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The Two-Sided Man Analysis



Author: Poetry of Rudyard Kipling Type: Poetry Views: 673

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Much I owe to the Lands that grew--

More to the Lives that fed--

But most to Allah Who gave me two

Separate sides to my head.



Much I reflect on the Good and the True

In the Faiths beneath the sun,

But most to Allah Who gave me two

Sides to my head, not one.



Wesley's following, Calvin's flock,

White or yellow or bronze,

Shaman, Ju-ju or Angekok,

Minister, Mukamuk, Bonze--



Here is a health, my brothers, to you,

However your prayers are said,

And praised be Allah Who gave me two

Separate sides to my head!



I would go without shirt or shoe,

Friend, tobacco or bread,

Sooner than lose for a minute the two

Separate sides of my head!





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||| Analysis | Critique | Overview Below |||

.: :.

My opinion is a simpler explanation of the poem - Rudyard Kipling is commenting on his upbringing in India and education in England -- his heritage has the richness of two countries and two cultures.

| Posted on 2014-07-11 | by a guest


.: :.

My opinion is a simpler explanation of the poem - Rudyard Kipling is commenting on his upbringing in India and education in England -- his heritage has the richness of two countries and two cultures.

| Posted on 2014-07-11 | by a guest


.: :.

My opinion is a simpler explanation of the poem - Rudyard Kipling is commenting on his upbringing in India and education in England -- his heritage has the richness of two countries and two cultures.

| Posted on 2014-07-11 | by a guest


.: :.

The theme of the poem is the inherent duplicity, or some might say fragmentation, of human nature, and how this allows for a rich and fulfilling exploration of life and the world.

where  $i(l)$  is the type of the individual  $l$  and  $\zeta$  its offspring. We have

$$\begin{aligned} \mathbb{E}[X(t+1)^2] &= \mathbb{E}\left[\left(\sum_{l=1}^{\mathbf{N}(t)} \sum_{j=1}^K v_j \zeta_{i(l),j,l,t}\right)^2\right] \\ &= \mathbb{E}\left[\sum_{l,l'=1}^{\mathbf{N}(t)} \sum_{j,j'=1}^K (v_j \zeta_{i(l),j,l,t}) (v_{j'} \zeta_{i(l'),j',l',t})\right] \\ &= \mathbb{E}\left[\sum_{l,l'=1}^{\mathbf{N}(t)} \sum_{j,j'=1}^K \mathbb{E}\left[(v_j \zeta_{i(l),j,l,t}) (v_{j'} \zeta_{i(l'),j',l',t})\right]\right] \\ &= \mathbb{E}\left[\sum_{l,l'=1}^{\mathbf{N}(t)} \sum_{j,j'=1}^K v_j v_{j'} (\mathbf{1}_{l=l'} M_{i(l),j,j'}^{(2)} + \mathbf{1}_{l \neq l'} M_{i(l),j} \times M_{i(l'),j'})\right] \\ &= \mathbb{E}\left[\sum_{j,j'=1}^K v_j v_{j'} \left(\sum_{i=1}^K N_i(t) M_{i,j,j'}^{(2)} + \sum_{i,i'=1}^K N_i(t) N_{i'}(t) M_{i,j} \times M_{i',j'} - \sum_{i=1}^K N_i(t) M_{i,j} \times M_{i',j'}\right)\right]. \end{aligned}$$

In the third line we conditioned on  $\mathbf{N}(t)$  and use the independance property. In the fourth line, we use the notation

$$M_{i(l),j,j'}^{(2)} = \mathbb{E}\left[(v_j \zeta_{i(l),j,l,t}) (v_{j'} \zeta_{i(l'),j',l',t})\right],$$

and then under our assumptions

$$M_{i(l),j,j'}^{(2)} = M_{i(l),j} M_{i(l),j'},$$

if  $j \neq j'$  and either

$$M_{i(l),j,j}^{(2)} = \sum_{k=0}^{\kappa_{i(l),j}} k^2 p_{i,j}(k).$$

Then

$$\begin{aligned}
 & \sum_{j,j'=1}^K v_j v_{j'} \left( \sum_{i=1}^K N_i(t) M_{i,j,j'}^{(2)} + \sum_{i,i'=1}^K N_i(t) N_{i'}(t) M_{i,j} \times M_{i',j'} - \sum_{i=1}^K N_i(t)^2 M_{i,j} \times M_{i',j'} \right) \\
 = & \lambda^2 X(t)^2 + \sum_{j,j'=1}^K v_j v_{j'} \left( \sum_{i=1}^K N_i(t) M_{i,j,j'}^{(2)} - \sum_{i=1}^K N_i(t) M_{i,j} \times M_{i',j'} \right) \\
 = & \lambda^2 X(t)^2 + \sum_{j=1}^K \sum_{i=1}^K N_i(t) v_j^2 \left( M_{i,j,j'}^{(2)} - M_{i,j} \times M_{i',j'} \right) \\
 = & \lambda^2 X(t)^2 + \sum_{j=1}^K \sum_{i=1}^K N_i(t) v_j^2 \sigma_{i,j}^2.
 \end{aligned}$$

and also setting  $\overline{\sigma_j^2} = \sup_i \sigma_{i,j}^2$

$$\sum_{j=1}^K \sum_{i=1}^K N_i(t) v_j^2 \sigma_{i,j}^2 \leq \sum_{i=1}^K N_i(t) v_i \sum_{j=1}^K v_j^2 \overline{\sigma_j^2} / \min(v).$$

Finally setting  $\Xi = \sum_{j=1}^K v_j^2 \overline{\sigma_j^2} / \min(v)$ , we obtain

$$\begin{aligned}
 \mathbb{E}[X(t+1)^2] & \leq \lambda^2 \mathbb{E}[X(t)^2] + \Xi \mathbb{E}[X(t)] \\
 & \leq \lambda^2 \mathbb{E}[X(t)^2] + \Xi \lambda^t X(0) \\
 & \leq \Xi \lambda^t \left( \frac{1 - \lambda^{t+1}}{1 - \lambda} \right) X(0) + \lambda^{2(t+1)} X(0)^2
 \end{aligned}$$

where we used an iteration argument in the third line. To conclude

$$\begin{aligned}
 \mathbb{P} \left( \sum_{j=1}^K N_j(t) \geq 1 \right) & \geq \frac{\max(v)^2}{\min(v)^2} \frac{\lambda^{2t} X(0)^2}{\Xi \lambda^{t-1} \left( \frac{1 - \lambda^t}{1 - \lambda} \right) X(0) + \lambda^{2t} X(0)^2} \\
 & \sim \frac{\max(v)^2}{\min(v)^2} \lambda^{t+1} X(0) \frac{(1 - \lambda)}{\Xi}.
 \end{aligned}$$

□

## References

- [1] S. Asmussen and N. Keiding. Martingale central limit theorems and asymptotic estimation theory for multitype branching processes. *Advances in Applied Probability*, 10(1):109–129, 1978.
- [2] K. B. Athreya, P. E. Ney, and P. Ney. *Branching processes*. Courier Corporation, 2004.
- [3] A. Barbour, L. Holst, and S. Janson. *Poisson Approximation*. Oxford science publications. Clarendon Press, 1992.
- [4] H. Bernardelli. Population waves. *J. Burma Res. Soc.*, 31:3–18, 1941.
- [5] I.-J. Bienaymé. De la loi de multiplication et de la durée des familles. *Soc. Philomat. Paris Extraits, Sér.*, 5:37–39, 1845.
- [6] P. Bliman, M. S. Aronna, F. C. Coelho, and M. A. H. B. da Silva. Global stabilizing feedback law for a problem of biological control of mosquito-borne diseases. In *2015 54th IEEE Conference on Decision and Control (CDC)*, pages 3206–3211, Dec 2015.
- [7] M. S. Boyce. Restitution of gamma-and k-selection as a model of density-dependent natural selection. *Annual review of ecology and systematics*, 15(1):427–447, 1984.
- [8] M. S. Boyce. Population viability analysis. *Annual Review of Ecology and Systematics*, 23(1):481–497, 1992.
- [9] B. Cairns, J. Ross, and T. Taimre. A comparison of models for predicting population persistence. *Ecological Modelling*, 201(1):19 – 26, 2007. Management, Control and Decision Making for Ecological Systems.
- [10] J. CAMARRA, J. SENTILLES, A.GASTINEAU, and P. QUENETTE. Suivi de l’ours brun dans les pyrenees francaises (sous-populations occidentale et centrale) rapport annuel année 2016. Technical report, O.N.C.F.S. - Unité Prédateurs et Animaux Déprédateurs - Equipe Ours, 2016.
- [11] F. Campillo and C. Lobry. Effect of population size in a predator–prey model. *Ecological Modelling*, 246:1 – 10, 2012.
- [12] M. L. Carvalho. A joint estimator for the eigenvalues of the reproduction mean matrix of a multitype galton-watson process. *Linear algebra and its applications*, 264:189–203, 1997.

The language drwas connentations to modern talk of the different functons of the left and right side of the brain, and how they comlete eachother.
The two first verses introduces this by focusing on two very different, but equally real and essential parts of the world we live in: The physical and pragmatic aspect of survival: The land and the people who tend it. The second one deals with the abstract values that make life enjoyable on spiritual or psychological level, conceptions of good. At the same time he points out that there are many ways of dealing with these aspects, and goes on to, in the next verse, to point out the diveserty in the people of the planet. This is put in a very positive light in the continual focus on praizing of the different views (the two sides of the head) and the entire fourth verse, dedicated to a toast to all people and diversity.
This might be seen as a bit uncarracteristic by the man who wrote \"the white mans burden\", and I choose to see this duplicity in Kipling as a real world illustration of the timeless relevance of this poem.
The direct value of this twosidedness is never explained, but in drawing possitive assosiations between diversity, different aspects of reality he tries to give us a glimpse of what is maybe the essential key to our survival in both body and spirit. Our ability to be different people, adapt and accept different suroundings and situations. There is something of everyone in all of us. And this is key to life, as illustrated in the very last verse.

| Posted on 2011-08-08 | by a guest


.: :.

This poem was really difficult to understand at first but after i read it about 3 times i got into it and i felt like i could keep on reading it. I love the way rudyard has used all rhyming words in most lines i feel that the rhyming emphasises the poem. it was very interestin to read and i put my mind to it and found i really liked the poem i find it great how Rudyard expresses himself over poems.i hope there are more poets like rudyards over the years of my life as i feel reading poems keeps me together.

| Posted on 2005-11-13 | by Approved Guest




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